I knew that this script solves a very painful problem for a lot of people because I get hundreds of visitors to my site each day. So then I thought I’d try to ask people to subscribe first before getting the script, and it worked! I wasn’t sure how many people would unsubscribe immediately after getting the script, but it turns out that most people stayed, so thank you!

What’s next for 2021

I have five main goals for 2021:

I have 4 habits that I want to track, and I came up with the mnemonic 1-888, which stands for 1 meditation session, 8 hours of sleep, 8 glasses of water, 8 pushups after finishing each glass of water. I’m not being too strict about that last one. If I do 25 pushups every day, I’ll be happy.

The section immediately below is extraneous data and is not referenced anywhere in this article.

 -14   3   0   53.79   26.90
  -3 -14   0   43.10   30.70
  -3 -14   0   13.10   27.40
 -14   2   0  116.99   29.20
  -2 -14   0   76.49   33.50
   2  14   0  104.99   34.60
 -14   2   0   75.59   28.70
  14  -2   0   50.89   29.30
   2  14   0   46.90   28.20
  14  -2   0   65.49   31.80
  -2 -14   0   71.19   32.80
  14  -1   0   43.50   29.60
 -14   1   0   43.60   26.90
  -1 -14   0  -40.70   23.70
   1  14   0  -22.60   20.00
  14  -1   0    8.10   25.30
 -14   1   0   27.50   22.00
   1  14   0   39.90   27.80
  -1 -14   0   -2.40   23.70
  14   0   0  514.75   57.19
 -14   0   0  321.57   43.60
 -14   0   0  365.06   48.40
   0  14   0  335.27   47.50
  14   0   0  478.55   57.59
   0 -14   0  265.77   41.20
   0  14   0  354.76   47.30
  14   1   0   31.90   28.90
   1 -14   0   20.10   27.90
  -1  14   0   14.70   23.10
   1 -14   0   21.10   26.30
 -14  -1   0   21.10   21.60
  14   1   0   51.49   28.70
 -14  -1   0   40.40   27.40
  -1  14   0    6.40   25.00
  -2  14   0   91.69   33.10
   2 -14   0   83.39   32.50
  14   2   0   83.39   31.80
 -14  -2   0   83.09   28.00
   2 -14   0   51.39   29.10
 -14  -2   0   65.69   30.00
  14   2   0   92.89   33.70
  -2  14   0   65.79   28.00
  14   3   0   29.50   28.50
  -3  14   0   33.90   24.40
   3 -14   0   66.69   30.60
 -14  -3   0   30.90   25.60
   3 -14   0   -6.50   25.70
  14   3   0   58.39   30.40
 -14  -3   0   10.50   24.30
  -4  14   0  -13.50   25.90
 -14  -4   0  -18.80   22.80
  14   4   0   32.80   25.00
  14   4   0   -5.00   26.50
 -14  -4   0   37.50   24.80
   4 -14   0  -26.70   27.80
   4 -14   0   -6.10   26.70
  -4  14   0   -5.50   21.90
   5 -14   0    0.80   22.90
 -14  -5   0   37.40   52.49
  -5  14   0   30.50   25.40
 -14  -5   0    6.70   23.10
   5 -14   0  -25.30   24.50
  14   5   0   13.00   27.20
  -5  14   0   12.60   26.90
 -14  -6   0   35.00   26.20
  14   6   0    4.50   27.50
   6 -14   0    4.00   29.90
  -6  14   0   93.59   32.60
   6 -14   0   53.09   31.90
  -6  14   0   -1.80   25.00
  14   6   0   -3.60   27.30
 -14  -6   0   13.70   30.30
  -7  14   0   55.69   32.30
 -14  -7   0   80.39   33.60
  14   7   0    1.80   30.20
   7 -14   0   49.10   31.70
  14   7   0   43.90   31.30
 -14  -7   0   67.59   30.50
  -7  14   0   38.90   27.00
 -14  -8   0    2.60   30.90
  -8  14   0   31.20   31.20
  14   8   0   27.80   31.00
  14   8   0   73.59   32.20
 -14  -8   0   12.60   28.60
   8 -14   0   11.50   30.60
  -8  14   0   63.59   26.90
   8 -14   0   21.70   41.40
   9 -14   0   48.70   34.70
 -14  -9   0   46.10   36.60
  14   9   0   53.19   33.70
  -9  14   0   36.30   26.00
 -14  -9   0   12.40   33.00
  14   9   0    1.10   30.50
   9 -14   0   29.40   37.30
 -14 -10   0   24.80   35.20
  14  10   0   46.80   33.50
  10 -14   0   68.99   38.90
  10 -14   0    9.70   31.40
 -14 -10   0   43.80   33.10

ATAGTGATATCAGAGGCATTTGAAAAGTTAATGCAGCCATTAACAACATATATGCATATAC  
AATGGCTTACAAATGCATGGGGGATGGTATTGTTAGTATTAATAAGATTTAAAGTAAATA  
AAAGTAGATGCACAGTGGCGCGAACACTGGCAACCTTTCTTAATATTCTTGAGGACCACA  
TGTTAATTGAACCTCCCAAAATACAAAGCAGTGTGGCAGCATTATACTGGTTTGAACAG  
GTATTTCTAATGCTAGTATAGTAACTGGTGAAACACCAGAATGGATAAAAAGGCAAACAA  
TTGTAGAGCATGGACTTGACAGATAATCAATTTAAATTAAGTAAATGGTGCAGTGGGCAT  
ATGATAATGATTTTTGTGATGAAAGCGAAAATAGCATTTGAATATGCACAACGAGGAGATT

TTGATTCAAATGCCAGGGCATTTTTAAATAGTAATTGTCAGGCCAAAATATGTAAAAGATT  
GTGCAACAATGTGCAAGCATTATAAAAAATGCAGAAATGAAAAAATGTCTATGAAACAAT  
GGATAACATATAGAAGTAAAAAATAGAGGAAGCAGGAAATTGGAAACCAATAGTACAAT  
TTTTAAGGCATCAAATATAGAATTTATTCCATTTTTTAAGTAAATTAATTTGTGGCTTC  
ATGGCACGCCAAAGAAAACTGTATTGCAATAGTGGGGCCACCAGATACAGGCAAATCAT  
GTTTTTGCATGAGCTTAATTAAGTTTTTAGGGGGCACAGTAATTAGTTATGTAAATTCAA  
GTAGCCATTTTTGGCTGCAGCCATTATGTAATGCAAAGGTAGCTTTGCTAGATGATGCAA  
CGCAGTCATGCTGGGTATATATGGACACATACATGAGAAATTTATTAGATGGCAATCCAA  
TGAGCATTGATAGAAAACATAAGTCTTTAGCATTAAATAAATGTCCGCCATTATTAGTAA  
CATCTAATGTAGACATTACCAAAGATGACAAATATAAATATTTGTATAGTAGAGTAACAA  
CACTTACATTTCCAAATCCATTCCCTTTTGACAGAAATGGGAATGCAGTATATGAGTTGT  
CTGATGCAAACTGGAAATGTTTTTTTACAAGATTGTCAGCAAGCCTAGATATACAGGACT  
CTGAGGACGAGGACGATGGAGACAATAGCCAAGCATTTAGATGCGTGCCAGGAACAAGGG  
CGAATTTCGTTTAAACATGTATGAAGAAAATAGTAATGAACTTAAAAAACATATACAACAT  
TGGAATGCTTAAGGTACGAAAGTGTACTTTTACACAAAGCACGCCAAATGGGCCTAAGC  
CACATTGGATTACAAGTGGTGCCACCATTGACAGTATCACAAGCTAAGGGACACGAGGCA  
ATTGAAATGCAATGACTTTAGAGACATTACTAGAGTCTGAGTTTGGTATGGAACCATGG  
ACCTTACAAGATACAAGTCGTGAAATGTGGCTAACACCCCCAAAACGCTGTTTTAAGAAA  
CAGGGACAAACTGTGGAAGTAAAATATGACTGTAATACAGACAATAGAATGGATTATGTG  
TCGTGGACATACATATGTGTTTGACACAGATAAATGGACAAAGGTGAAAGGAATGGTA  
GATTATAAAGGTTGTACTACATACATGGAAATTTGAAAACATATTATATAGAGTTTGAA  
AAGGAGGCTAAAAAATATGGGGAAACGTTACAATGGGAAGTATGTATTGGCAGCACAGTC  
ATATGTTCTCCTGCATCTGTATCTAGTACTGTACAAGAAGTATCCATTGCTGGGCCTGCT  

For meditation, I’ve started using the Headspace app, which we get for free as part of the Truss benefits package. For tracking habits, I just started using the Strides app. It seems fine so far. A co-worker mentioned they use Habitica, so I’m going to give that a try as well.

One way I’m trying to make sure I get 8 hours of sleep is by using a commitment device: setting up an Eero profile with scheduled pauses between 10pm and 6:30am. It cuts off the internet on the devices I specify. It works most of the time. I should start keeping my phone in a different room to avoid the temptation of turning it back on from the Eero app.

Things to try/look into

Someone on the Truss Slack asked about paper planners, and there were several interesting options that I hadn’t heard of. I’m curious about these:

I’ve also seen a few people recommend YearCompass for reflecting about the past year and planning the year ahead.

What about you? What do you use that works for you?

Final words

Overall, I’m grateful that we’ve managed to stay healthy, even with the kids back in preschool since July. As always, thanks for reading. Here’s to a healthier and happier 2021!